Avoid “pasting up.” Chicks’ droppings sometimes get sticky and cling to the down around the vent (anus). As droppings dry, they can block the opening of the vent — in extreme cases causing the chick to die, simply because it cannot poop. Monitor for pasting up, especially the first couple of weeks. To treat, hold the chick in one hand and gently pull off the caked feces.
Being chronically chilled can bring on pasty butt, so make sure the brooder is warm enough. But I think the condition is most often related to the mediocre quality of many commercial poultry feeds. If purchased feeds are your only option, introduce small quantities of natural feeds from day one: fresh grass clippings or lettuce from the garden, for example. Remove any not eaten within a few hours, to prevent mold.
Vaccination and “medications.” Many sources advise having chicks vaccinated and using medicated feeds to provide subtherapeutic doses of antibiotics. In several decades of experience I have strictly avoided both, and have not had a single case of Marek’s disease (a viral disease that causes paralysis and can be vaccinated against) or losses to coccidiosis (a protozoal infection that causes diarrhea and is treated with the antibiotics in medicated feeds).
(For a complete guide to classic information on starting chicks, read the book Success with Baby Chicks by Robert Plamondon.)
Now I’m going to give you the best advice of all: Instead of mail-order chicks, let a good mother hen do the job of hatching the eggs and brooding the chicks for you. The “broody” instinct — the inclination to assemble and hatch a clutch of eggs, and to nurture and protect chicks — has been almost universally bred out of modern breeds. The occasional hen will “go broody,” but most do not. Some traditional dual-purpose farm breeds (cochins, buff Orpingtons, Wyandottes) are known for broody tendencies, though you cannot be sure any given group will produce good mothers. If you want to work with natural mothers, get a few hens of the historic breeds (old English games, kraienkoppes, malays, shamos, asils or silkies), among which the broody instinct is the norm, not the exception. Many bantam (miniature) breeds also are much more inclined to go broody.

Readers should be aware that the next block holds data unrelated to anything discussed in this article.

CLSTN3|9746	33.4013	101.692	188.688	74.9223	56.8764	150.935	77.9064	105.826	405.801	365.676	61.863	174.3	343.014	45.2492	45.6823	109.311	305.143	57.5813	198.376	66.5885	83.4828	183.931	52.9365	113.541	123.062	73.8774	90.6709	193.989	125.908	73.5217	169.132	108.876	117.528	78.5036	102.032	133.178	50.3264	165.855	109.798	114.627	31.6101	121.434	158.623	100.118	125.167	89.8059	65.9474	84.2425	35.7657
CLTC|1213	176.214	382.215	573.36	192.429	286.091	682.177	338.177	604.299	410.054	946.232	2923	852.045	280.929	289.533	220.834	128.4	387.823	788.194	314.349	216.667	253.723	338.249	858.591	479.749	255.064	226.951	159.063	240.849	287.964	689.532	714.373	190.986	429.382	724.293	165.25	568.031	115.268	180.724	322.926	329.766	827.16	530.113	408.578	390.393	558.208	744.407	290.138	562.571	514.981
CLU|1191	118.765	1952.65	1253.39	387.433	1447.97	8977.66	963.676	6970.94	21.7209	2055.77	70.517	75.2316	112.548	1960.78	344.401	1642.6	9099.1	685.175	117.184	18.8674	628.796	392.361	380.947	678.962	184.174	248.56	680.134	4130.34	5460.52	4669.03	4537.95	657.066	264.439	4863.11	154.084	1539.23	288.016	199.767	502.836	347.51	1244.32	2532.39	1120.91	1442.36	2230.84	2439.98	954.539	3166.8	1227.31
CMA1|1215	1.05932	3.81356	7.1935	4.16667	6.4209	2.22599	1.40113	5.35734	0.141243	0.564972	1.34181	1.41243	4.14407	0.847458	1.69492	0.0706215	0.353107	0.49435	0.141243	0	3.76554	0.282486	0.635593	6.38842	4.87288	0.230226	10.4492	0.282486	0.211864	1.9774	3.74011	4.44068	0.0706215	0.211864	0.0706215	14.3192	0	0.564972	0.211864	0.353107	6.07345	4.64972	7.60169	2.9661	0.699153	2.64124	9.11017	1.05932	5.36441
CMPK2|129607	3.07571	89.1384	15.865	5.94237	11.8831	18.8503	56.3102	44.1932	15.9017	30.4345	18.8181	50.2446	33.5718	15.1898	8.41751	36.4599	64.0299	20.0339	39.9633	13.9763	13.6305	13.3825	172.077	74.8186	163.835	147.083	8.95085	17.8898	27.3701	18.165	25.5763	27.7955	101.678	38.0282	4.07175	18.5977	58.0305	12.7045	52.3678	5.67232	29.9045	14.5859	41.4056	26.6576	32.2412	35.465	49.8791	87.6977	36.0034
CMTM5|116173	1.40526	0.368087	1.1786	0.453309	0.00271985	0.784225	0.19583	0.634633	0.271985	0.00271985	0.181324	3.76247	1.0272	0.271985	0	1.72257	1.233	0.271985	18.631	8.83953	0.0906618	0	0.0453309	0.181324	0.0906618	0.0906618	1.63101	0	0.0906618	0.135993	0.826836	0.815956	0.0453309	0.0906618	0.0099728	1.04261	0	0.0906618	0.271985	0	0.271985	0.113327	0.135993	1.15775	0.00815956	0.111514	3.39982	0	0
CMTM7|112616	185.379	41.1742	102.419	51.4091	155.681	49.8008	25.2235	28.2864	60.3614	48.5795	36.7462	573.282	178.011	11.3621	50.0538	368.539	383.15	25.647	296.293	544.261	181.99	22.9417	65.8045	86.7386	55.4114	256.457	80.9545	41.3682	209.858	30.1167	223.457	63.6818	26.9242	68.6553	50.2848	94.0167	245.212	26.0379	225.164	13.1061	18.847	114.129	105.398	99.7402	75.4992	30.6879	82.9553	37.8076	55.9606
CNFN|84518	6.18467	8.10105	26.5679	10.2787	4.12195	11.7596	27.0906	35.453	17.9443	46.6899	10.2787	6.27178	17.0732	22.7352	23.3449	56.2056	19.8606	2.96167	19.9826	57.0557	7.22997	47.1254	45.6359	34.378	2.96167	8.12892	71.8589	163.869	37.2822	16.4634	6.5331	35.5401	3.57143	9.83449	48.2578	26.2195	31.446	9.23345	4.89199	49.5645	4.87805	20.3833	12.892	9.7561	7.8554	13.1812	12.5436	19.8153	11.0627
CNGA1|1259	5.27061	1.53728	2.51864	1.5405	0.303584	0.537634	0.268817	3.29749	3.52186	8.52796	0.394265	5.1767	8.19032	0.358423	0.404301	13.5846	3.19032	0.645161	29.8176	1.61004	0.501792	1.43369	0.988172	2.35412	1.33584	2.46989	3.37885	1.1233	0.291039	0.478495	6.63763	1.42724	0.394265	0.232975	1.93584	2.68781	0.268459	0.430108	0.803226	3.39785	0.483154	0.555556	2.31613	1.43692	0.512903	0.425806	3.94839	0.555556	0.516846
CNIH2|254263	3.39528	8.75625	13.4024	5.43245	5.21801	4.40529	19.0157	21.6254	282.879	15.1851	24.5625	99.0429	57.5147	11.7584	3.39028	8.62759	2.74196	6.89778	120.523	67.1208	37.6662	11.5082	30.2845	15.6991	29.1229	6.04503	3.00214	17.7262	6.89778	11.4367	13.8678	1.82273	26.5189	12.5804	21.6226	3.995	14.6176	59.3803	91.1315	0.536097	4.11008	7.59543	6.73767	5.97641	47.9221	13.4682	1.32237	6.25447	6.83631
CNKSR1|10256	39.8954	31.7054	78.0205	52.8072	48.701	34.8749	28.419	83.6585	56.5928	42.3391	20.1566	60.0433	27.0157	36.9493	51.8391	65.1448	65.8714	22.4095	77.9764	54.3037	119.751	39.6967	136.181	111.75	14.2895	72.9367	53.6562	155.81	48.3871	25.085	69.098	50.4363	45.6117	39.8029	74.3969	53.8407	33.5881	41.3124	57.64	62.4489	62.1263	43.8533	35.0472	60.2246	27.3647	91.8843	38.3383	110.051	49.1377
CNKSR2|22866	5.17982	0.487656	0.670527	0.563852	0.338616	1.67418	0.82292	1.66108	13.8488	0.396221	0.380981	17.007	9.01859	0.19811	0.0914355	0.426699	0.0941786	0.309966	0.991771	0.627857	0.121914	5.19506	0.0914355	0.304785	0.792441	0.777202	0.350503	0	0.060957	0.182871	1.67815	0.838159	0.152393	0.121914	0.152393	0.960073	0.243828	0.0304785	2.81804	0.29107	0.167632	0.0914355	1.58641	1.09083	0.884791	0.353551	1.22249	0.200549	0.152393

You can identify a broody hen by her Zen-like gaze and deep, wary settling into the nest. She answers an extended hand with ruffled hackle feathers and an indignant “Sqwarrrk!” At night, she remains on the nest after her sisters have gone to roost.
If your flock doesn’t have an adult male (a cock, frequently called a “rooster”), the eggs your hens are laying won’t hatch. If you want to collect eggs to hatch from your own chickens, you should have one cock for about every 12 to 15 hens.
The eggs you are going to set under your broody hen do not have to be collected all on the same day. You can include eggs gathered over many days (up to a limit of about 10 days or so), because the fertilized germ cells remain dormant until the hen begins to set on the eggs and the temperature of the eggs is raised to a constant incubation temperature. You must not make additions to the clutch (or allow other hens to do so) after embryo development has begun, because the eggs would then not be on the same schedule for hatch.
But broody hens are great surrogate mothers and will hatch just about any eggs that fit under them. Many hatcheries sell hatching eggs and ship them through the mail. You also can buy hatching eggs at online auctions.
Don’t even think about letting the hen incubate eggs in a coop where other birds can get to her nest. Move the broody hen (only at night) to a nest in a quiet corner, with some sort of physical barrier to exclude other hens. Provide feed, water and enough space for her to leave the nest to stretch and relieve herself.